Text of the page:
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Parliamentary Supremacy and the Re-Invigoration of Institutional Dialogue in the UK

By Fergal F. Davis

Abstract

2011 was bookended by two significant speeches on the relationship between Parliament and the judiciary. The first was delivered by Lord Neuberger, the Master of the Rolls; the second by Jonathan Sumption QC—in a final speech before being sworn in as a Justice of the UK Supreme Court. Both speeches were steeped in the traditions of the nineteenth century constitutional theorist, Albert Venn Dicey. Parliament was said to be supreme, although the possibility for dialogue between the courts and the legislature was acknowledged. Inter-nationally such forms of ‘dialogic review ’ have frequently been criticised for morphing into a kind of judicial monologue. However, this article will argue that the recent prisoner disenfranchisement debates demonstrate a renewed will-ingness on the part of the Parliament at Westminster to withstand judicial pressure. While James Madison foresaw competition between the courts, the legislature and the executive—arguing that ‘ambition must be made to counteract ambition’ (Madison, 1788)—senior members of the UK judiciary are retreating from the fray. In April 2011, Lord Neuberger, the Master of the Rolls, delivered the second Lord Alexander of Weedon Lecture and in November, Jonathan Sumption QC gave the F.A. Mann Lecture. The latter event took on even greater significance when Lord Sumption was sworn in as a Justice of the UK Supreme Court on 11 January 2012. Both lectures revisited the tension that exists between the ‘notion of supremacy of the democratically elected legislature and the rule o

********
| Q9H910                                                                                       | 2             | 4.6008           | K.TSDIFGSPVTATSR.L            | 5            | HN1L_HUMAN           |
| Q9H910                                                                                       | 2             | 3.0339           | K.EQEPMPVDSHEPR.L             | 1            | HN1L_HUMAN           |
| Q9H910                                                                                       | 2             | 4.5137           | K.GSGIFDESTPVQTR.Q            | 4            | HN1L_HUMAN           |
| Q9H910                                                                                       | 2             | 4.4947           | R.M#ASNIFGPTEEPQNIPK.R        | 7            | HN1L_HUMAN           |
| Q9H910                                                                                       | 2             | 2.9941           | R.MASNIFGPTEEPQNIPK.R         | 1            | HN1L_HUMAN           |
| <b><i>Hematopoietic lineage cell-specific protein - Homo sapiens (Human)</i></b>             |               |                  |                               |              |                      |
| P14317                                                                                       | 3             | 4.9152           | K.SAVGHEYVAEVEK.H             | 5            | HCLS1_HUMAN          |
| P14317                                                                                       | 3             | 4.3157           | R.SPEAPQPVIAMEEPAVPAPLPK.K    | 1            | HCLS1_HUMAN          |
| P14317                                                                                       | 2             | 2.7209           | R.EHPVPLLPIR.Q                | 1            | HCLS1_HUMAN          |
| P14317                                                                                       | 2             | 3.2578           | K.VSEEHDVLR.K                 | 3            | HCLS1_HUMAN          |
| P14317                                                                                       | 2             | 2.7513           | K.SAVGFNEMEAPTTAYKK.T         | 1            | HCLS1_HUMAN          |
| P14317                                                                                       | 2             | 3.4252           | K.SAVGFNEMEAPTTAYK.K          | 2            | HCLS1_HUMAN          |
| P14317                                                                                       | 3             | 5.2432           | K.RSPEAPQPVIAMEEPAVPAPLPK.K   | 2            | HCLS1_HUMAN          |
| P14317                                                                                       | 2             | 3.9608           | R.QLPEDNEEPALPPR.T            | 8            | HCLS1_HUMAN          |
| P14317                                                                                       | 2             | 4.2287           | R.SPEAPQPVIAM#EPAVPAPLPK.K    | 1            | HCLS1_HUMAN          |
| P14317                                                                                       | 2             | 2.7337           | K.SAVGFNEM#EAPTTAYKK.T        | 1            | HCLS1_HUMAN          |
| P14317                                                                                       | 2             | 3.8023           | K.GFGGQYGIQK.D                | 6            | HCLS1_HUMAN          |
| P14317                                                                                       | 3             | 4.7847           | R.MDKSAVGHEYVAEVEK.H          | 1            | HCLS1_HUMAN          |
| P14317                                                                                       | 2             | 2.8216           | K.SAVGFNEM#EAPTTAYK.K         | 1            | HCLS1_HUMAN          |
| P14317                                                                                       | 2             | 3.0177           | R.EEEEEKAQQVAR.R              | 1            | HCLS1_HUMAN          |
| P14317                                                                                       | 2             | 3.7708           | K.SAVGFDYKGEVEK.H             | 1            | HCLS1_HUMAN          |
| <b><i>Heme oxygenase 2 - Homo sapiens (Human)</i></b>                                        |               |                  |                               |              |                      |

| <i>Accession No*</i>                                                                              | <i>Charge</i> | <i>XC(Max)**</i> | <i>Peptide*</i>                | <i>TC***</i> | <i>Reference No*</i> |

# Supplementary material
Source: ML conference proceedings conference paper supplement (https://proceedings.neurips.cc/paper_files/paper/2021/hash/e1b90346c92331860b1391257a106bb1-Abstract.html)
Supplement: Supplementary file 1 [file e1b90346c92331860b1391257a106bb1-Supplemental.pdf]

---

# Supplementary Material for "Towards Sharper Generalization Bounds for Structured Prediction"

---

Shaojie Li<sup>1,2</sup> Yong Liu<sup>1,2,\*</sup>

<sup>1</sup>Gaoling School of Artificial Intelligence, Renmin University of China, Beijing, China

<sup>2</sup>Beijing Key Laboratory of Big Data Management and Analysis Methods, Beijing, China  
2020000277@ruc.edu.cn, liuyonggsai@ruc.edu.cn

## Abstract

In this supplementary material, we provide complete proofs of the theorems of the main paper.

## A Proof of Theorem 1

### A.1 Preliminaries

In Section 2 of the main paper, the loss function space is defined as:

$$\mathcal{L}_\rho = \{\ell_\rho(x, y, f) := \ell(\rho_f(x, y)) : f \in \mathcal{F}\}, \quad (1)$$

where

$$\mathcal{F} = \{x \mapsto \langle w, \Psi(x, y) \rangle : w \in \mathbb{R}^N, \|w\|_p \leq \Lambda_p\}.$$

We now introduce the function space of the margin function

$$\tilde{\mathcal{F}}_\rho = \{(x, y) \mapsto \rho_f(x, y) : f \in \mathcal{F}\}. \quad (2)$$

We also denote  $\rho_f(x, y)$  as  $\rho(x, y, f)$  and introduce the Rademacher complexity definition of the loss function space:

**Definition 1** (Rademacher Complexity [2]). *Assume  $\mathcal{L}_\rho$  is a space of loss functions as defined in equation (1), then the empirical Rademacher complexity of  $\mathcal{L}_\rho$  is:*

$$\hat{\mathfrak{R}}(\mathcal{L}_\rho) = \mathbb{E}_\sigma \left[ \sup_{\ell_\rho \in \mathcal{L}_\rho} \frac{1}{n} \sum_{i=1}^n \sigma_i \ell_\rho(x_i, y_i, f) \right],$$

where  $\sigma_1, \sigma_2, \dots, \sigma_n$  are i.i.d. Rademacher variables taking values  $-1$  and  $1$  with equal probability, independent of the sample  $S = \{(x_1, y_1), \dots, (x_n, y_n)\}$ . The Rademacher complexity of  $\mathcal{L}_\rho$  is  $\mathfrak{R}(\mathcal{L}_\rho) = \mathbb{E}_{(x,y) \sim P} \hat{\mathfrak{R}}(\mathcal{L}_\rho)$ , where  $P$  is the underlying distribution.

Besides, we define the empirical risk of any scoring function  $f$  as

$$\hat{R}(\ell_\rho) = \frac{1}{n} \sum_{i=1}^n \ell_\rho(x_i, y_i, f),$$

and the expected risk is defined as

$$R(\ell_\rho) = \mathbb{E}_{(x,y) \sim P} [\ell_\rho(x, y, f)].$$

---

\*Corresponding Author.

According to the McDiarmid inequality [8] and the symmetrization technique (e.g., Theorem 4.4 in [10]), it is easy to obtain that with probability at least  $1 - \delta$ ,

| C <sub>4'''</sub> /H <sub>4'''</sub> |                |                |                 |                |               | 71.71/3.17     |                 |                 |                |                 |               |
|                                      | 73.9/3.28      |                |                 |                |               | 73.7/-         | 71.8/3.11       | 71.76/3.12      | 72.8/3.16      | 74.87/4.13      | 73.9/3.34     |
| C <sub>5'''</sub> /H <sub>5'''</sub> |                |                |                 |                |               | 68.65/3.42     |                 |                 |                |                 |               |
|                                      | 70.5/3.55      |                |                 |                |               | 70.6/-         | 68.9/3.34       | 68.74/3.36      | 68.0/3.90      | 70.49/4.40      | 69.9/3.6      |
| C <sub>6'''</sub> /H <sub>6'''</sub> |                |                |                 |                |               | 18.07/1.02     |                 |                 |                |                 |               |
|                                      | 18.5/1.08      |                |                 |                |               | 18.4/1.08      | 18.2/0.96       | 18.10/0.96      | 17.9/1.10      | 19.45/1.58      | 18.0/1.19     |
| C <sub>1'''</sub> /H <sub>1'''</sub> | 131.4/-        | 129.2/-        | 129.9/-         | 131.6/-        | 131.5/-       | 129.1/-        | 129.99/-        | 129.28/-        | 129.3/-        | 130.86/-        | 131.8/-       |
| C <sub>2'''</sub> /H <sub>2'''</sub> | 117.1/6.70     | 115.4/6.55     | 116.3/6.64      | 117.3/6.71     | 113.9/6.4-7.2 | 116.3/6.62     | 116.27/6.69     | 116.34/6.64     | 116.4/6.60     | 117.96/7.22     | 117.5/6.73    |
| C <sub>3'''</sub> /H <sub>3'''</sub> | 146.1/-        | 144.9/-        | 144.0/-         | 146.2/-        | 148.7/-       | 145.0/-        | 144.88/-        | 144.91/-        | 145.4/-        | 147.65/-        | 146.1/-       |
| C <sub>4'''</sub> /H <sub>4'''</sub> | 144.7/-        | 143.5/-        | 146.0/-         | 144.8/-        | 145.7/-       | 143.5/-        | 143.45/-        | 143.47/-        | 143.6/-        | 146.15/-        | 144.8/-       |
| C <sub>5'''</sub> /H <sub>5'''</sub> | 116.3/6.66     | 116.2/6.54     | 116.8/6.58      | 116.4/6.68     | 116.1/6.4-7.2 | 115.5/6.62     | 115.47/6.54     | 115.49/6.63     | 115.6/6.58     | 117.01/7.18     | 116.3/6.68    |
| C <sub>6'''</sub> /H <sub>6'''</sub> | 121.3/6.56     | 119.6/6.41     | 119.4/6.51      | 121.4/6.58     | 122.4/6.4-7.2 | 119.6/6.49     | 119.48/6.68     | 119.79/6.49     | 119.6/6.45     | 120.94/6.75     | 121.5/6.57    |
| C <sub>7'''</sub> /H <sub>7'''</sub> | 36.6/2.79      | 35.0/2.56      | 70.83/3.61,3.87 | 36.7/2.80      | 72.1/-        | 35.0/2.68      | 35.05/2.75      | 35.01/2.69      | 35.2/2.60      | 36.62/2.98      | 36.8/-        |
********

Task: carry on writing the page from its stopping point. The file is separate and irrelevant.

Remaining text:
Year: 2016
OAI identifier: oai:CiteSeerX.psu:10.1.1.1000.203
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